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It goes without saying that we teachers have this penchant for (self-) reflection. One could claim that it is a part of the work, irrevocably connected to the nature of the job we do. One could even remark that it is the possibility of reflecting about our daily practice which enhances our teaching skills, and consequently turns us into better professionals.

Yet, a more diligent observer could assume that, given this “innate” teachers’ self-reflective nature, there is a fine line between the professional and personal, or rather, the public and the private. Thus, it is not too far-fetched to suppose that if things go well in class, teachers will be more inclined to feel better that day. Nevertheless, at the other end of the spectrum, what if the personal is too intense to be left home or in the teachers’ room? In other words, what happens when self-reflection comes with other strings attached?

More than an inner didactic tool, reflection and/or self-reflection is a personality trait which is, in the vast majority of the cases, much more acute in teachers and other professionals who are in contact with other people. Invariably, these professionals need to dive into the metaphysical pool of the human psyche so as to understand the idiosyncrasies of some individuals in order to be able to make a positive difference in the lives of these people. However, beautiful as this prerogative might sound, it also has its consequences. Hardly would a person, willing to live up to this level of professional commitment, get out unscathed of some difficult situations. Especially, if what was so carefully engineered to help and/or support our students goes wrong, or even worse, prove itself to be utterly ineffective. Particularly, this might be the time when reflection ceases to be a gift and the self-reflective teacher sees him or herself haunted by the always unwelcome ghost of failure. Well, when something like this happens, I guess that all we can do is to be grateful for the silver linings.

The other day I was in a rather pensive mood, ruminating about my life as a teacher and how relevant my practice, my approaches and my teaching skills still are in the lives of my students. I could not help but wonder if my choices in life really had driven me to be the best professional/person I could actually be. It was precisely at this moment that the mellifluous voice and harmonious features of a former student of mine plucked me from my reverie, calling me back to the lap of reality. She said that I had been her teacher years ago and that I was one of the best teachers she had ever had.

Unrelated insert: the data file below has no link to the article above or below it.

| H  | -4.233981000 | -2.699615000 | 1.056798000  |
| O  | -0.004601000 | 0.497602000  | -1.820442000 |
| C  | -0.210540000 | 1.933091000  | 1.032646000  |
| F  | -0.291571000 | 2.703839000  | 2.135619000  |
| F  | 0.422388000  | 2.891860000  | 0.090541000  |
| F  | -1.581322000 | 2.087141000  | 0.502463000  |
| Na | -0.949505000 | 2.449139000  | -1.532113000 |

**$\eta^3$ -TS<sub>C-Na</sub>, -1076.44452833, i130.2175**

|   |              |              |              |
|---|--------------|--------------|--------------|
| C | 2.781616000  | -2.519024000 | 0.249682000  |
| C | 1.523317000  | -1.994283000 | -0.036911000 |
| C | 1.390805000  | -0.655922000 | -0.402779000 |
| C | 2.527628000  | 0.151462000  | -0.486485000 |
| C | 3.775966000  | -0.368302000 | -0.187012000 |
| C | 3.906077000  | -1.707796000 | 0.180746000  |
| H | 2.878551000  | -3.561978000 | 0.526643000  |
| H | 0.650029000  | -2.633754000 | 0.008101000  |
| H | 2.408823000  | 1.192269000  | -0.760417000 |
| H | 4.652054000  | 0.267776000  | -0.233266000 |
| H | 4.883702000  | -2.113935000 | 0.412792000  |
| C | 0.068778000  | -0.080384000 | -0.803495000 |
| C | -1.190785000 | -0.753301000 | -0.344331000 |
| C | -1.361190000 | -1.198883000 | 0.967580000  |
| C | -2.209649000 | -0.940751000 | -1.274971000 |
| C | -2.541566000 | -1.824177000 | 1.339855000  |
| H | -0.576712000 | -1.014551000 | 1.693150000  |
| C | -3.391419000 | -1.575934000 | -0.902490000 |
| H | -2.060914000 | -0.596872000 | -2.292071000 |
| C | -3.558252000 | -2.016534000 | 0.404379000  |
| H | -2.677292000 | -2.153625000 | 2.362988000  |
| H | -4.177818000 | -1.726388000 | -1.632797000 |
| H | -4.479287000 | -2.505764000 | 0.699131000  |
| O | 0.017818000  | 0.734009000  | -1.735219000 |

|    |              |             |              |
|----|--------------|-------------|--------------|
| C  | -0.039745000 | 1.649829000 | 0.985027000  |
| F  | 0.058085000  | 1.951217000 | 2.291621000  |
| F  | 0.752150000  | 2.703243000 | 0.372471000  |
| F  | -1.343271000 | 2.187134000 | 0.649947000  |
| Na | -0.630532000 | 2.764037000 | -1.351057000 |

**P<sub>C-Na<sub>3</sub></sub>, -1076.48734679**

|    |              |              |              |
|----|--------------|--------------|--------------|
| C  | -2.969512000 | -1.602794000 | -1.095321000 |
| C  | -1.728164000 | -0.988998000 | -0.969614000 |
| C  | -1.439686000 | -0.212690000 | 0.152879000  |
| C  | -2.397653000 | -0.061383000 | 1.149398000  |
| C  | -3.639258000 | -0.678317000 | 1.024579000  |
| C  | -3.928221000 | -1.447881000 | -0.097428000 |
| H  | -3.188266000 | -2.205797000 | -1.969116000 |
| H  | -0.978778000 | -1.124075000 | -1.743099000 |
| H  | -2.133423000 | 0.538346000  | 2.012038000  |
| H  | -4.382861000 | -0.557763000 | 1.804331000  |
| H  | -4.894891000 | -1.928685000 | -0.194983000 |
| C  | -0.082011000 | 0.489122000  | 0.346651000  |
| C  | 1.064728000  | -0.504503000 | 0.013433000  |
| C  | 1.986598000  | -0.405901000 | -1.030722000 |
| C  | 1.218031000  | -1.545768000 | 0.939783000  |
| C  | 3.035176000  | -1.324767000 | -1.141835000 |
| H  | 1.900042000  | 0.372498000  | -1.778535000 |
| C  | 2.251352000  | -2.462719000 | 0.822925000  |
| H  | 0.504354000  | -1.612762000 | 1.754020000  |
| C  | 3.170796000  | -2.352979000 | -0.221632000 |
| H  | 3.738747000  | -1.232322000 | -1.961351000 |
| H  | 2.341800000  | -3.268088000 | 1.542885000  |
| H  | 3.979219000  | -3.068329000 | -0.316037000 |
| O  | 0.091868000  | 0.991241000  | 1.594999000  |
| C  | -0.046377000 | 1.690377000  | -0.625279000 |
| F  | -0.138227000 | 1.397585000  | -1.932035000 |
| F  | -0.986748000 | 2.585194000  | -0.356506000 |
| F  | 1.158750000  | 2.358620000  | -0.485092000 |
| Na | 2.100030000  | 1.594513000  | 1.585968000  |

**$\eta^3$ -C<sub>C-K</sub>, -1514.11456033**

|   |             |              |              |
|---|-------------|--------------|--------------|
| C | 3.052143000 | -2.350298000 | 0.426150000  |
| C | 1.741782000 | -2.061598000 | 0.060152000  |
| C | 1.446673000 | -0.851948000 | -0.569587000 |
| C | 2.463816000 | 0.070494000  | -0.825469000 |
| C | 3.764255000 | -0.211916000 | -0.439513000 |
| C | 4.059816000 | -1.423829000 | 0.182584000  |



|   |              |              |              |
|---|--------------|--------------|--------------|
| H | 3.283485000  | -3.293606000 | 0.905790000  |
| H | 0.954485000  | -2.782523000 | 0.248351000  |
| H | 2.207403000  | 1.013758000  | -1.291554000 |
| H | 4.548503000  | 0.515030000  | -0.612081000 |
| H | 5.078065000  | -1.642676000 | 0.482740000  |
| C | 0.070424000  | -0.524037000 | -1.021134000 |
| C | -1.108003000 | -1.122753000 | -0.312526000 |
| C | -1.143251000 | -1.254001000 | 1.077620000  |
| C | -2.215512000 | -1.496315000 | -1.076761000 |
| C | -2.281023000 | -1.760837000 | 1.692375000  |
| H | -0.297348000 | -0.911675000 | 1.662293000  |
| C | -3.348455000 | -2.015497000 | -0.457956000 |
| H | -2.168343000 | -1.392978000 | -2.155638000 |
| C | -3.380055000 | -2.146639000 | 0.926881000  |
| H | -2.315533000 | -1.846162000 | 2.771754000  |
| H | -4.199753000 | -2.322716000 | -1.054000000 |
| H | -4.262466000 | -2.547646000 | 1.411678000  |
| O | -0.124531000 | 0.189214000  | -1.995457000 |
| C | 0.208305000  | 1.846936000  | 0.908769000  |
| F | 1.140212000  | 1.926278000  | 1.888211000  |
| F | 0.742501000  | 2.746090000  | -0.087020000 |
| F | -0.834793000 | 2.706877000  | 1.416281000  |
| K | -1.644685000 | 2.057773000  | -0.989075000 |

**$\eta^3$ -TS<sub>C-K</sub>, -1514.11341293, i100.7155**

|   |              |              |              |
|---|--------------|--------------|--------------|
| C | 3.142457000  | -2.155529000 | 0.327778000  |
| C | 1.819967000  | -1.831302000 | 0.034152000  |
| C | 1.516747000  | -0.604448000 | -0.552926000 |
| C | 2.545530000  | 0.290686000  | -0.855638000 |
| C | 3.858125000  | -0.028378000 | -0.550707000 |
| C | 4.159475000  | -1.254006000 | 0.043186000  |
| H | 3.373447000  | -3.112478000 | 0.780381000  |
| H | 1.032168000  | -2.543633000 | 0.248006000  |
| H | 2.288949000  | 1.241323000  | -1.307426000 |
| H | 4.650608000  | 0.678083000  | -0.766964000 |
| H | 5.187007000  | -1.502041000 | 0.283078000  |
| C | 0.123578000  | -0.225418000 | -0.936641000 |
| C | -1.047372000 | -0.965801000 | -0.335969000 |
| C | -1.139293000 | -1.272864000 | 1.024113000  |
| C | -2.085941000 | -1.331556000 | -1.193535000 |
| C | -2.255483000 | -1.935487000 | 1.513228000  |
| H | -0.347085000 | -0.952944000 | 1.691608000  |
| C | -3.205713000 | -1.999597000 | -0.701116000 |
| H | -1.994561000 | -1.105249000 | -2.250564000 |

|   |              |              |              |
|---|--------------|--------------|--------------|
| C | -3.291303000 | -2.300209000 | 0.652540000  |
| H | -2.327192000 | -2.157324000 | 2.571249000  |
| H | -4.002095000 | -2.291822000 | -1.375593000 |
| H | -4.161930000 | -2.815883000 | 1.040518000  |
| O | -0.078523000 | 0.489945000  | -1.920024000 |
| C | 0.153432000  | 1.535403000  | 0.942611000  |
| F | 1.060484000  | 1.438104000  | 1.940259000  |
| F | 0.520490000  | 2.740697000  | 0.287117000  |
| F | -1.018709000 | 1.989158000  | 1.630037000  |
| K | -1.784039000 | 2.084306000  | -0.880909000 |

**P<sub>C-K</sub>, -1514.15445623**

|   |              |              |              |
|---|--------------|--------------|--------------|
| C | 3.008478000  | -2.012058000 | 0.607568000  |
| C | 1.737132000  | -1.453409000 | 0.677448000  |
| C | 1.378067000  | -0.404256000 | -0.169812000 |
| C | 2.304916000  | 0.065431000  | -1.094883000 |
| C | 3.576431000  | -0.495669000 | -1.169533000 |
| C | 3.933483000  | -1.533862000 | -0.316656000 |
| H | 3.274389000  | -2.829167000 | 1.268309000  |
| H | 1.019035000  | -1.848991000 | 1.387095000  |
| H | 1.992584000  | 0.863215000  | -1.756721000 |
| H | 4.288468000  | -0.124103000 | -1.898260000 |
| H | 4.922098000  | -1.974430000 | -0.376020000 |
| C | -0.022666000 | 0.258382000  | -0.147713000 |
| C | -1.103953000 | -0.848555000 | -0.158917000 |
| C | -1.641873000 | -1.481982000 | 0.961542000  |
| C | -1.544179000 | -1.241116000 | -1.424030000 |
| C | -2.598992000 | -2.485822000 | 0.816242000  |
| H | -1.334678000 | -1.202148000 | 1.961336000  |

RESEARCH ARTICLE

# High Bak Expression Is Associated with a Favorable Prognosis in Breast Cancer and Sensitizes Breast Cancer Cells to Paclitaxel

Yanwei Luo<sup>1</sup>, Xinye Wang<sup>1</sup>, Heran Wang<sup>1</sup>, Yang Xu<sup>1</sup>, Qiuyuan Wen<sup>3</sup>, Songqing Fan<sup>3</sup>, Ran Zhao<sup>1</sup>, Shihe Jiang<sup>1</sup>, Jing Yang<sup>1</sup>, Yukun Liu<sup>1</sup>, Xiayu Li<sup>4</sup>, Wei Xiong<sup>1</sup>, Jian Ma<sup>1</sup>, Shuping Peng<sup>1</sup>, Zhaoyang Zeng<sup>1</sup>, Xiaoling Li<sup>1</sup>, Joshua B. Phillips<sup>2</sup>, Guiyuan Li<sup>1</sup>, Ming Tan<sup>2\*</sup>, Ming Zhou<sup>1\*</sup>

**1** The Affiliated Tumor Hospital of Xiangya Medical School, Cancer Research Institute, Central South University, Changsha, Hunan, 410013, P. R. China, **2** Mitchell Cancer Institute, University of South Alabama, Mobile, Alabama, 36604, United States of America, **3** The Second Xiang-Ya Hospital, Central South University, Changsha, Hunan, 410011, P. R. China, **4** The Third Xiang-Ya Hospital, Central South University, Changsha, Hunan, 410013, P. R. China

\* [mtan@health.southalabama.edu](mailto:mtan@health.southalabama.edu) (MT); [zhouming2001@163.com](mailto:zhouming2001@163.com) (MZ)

Needless to say that instantaneously I started to reflect about the importance of her comment at that very sensitive moment. Hence, I came to the conclusion that being self-reflective is not easy, but it is not a choice, either. In reality, it is part and parcel of who we are, so we need to learn how to live with it and we need to forgive ourselves for our setbacks (after all, they are part of life, too). However, we should not allow our introspection to blindfold us for the subtle answers destiny gives us to caress our souls when we really need some spiritual comfort. And by no means should we, acknowledging that we have learned how to teach, forget about how to learn from anyone, anywhere, at any time.


Jorge teaches in our Vila da Penha branch. Besides working for Cultura Inglesa, he also works in municipal and state schools. Jorge holds a Master’s Degree in Literatures in English from UERJ. He has worked as an English teacher for more than 15 years.

Here are the webinar links for the last three months:

1. If you would like to watch a partial recording of the MY VOICE webinar (run by Valéria França), please click here.

2. To watch the recording of the SPEAKING FOR BEGINNERS webinar (run by Paulo Machado), click here.

3. To watch the recording of the BRAIN AND TEACHING webinar (run by Guilherme Pacheco), click here.

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